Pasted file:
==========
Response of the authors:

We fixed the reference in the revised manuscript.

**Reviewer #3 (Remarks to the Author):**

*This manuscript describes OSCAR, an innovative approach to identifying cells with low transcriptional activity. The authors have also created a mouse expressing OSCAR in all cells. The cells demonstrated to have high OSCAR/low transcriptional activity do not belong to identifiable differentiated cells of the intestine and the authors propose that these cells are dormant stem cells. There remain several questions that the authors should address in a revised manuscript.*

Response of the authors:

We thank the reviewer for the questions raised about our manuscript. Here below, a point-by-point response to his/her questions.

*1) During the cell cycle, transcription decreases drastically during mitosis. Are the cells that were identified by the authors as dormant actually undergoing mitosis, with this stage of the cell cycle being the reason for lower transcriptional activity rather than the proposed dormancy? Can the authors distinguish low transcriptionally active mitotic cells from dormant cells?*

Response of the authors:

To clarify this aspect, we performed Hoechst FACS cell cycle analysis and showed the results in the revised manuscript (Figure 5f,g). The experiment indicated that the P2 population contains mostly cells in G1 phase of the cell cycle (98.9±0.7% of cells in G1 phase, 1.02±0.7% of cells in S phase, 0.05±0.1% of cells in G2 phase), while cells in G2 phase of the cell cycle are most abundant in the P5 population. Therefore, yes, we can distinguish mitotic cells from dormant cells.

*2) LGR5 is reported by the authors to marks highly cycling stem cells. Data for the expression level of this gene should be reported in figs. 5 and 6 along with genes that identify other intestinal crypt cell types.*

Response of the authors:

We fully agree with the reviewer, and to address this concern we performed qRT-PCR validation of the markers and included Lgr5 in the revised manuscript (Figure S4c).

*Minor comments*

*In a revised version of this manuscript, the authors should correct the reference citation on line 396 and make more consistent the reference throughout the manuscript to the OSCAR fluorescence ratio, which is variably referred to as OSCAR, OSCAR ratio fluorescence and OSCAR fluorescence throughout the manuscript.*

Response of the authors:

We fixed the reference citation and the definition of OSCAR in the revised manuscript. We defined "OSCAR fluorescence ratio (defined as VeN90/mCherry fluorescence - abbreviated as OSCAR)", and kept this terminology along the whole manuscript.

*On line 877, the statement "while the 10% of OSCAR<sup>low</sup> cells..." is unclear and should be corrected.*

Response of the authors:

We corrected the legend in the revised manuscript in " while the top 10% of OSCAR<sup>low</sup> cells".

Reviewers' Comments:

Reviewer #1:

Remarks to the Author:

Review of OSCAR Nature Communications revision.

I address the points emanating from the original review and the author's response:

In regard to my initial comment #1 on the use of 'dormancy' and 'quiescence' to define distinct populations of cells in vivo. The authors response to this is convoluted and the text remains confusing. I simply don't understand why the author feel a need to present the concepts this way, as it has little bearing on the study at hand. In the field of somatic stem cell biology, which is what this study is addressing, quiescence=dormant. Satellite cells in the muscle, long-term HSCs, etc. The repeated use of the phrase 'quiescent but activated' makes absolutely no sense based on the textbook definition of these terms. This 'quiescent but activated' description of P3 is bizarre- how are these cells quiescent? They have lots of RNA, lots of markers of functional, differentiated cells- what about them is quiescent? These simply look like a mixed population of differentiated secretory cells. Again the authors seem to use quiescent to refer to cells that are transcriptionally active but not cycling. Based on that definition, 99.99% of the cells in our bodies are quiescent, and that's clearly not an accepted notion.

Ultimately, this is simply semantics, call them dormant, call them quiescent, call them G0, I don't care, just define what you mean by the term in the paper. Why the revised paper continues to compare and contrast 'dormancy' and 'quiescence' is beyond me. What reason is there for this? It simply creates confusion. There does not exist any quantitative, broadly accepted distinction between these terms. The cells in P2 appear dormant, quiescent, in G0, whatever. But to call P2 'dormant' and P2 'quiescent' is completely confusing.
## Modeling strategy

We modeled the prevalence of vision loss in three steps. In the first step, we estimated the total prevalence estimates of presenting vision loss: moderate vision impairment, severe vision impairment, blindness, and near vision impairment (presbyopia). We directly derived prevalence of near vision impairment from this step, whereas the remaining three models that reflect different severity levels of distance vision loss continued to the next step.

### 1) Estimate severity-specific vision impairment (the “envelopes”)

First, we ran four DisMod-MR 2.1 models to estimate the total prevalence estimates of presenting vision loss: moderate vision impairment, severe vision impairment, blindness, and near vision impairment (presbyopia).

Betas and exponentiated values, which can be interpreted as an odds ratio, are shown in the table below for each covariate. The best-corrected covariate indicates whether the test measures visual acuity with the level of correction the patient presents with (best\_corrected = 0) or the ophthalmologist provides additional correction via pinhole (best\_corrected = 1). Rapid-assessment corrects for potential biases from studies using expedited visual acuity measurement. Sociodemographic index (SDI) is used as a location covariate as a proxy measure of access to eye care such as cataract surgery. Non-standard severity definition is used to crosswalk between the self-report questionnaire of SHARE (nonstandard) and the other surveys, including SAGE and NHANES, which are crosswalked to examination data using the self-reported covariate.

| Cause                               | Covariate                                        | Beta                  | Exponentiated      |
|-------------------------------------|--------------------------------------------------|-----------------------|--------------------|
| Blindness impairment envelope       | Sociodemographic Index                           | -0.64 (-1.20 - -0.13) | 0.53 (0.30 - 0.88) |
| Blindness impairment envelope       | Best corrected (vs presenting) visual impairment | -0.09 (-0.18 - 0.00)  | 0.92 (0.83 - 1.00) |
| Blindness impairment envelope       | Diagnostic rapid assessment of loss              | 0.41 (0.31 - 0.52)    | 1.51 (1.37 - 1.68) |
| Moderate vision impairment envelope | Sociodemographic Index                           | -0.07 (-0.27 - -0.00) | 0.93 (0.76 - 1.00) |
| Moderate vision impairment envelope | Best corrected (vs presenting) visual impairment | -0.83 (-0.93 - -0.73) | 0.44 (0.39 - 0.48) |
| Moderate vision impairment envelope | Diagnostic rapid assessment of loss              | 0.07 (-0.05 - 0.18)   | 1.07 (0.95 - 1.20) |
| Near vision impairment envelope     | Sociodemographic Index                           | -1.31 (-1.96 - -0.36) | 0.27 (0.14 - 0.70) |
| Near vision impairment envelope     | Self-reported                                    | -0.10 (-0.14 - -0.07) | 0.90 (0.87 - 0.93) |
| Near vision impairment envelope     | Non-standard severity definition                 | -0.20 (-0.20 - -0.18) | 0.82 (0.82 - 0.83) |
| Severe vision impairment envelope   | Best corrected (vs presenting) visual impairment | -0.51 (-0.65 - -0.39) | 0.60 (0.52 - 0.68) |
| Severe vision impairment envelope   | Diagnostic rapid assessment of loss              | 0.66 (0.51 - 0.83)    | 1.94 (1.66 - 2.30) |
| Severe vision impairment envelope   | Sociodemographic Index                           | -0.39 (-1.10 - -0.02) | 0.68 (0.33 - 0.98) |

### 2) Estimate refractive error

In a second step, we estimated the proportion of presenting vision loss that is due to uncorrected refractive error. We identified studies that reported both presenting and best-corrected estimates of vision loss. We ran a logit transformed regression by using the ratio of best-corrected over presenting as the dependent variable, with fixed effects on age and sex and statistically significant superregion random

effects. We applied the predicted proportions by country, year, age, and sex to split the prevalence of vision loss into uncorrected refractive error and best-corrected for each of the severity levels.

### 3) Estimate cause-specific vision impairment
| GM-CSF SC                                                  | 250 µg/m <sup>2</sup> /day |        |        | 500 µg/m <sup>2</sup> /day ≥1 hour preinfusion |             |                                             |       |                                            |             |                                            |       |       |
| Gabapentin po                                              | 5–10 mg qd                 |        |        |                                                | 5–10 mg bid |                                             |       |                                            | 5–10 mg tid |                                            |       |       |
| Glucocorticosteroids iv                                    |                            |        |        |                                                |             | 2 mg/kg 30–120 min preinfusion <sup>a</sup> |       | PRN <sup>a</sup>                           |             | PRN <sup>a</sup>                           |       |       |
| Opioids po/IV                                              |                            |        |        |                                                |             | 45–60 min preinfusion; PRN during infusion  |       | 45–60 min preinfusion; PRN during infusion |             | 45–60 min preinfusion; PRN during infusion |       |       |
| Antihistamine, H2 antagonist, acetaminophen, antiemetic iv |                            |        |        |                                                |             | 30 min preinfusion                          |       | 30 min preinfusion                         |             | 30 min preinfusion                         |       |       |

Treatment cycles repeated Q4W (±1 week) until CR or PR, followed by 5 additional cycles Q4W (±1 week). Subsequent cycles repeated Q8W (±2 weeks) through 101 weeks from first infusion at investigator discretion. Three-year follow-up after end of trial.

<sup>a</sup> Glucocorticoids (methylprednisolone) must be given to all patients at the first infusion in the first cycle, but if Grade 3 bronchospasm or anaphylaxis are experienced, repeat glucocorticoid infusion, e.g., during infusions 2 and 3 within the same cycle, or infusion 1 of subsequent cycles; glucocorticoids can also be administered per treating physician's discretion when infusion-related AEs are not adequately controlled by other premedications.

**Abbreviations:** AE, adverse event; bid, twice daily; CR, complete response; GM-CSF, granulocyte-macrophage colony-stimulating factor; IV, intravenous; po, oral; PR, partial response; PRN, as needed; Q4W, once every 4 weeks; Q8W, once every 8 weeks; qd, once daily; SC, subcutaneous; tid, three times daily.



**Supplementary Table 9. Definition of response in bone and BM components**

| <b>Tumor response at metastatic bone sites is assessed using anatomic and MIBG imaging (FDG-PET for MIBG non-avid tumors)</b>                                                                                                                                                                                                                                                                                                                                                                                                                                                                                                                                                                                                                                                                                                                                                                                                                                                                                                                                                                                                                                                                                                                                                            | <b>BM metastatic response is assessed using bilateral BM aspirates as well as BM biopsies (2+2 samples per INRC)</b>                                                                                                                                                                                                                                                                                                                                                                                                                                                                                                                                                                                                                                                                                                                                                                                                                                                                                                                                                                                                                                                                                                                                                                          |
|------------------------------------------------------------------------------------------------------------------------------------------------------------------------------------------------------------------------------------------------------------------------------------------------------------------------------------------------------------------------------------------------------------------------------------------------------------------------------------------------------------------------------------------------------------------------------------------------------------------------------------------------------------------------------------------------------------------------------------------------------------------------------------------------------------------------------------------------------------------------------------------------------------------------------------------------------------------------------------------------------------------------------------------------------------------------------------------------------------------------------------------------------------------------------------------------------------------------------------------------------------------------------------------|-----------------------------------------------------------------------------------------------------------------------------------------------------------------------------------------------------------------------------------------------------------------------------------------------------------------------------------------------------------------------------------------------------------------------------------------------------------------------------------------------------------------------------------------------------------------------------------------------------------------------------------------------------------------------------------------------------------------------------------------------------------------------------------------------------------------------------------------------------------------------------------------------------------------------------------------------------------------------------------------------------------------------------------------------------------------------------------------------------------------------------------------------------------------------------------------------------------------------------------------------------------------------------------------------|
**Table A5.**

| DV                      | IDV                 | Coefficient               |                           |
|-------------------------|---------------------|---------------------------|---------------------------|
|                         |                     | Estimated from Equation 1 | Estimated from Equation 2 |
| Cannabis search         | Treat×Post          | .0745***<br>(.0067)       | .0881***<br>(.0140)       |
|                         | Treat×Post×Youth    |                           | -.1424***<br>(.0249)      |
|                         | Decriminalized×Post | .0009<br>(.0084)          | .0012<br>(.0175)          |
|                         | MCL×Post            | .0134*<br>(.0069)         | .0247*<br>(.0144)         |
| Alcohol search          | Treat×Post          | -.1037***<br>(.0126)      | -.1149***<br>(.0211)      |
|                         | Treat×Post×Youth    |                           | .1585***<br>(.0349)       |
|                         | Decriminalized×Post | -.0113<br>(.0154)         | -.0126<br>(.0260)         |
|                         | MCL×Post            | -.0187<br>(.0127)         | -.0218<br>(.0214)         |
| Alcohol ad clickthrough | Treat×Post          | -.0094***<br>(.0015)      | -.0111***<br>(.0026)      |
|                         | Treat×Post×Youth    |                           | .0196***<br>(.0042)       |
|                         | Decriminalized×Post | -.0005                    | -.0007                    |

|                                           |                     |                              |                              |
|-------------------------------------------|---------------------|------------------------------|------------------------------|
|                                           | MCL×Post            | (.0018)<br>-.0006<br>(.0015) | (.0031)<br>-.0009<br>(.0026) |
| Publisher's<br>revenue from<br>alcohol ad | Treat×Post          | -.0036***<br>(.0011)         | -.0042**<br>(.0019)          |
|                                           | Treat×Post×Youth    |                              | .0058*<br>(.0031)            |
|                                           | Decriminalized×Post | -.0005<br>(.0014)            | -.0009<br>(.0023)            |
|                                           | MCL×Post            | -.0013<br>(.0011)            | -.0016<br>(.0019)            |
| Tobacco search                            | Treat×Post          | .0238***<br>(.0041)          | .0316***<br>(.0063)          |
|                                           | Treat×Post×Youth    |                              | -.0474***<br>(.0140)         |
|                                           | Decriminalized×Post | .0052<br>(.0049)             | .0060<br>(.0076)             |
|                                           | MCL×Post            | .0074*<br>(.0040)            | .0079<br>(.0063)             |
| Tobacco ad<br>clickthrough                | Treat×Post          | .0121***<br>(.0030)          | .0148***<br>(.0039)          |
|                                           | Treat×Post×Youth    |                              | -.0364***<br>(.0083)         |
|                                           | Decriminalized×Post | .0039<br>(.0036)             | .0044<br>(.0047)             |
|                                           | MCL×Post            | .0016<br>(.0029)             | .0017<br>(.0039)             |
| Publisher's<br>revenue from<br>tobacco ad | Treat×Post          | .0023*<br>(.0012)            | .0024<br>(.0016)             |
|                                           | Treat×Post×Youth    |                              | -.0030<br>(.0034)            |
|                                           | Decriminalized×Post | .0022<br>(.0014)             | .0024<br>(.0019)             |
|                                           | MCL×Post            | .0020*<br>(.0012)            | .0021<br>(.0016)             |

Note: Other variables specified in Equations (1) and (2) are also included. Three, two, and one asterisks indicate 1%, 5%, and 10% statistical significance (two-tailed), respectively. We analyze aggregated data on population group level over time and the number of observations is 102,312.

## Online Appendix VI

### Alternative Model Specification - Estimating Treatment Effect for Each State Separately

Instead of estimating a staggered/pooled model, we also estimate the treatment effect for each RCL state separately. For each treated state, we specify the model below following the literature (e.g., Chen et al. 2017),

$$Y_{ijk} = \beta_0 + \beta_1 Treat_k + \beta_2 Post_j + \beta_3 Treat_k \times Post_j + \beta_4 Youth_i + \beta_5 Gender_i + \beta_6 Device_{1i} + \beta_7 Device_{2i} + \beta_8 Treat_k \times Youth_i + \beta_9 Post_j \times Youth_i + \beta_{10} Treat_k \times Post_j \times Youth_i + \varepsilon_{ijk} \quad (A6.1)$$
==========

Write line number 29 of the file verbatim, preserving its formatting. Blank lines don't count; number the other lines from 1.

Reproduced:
### 1) Estimate severity-specific vision impairment (the “envelopes”)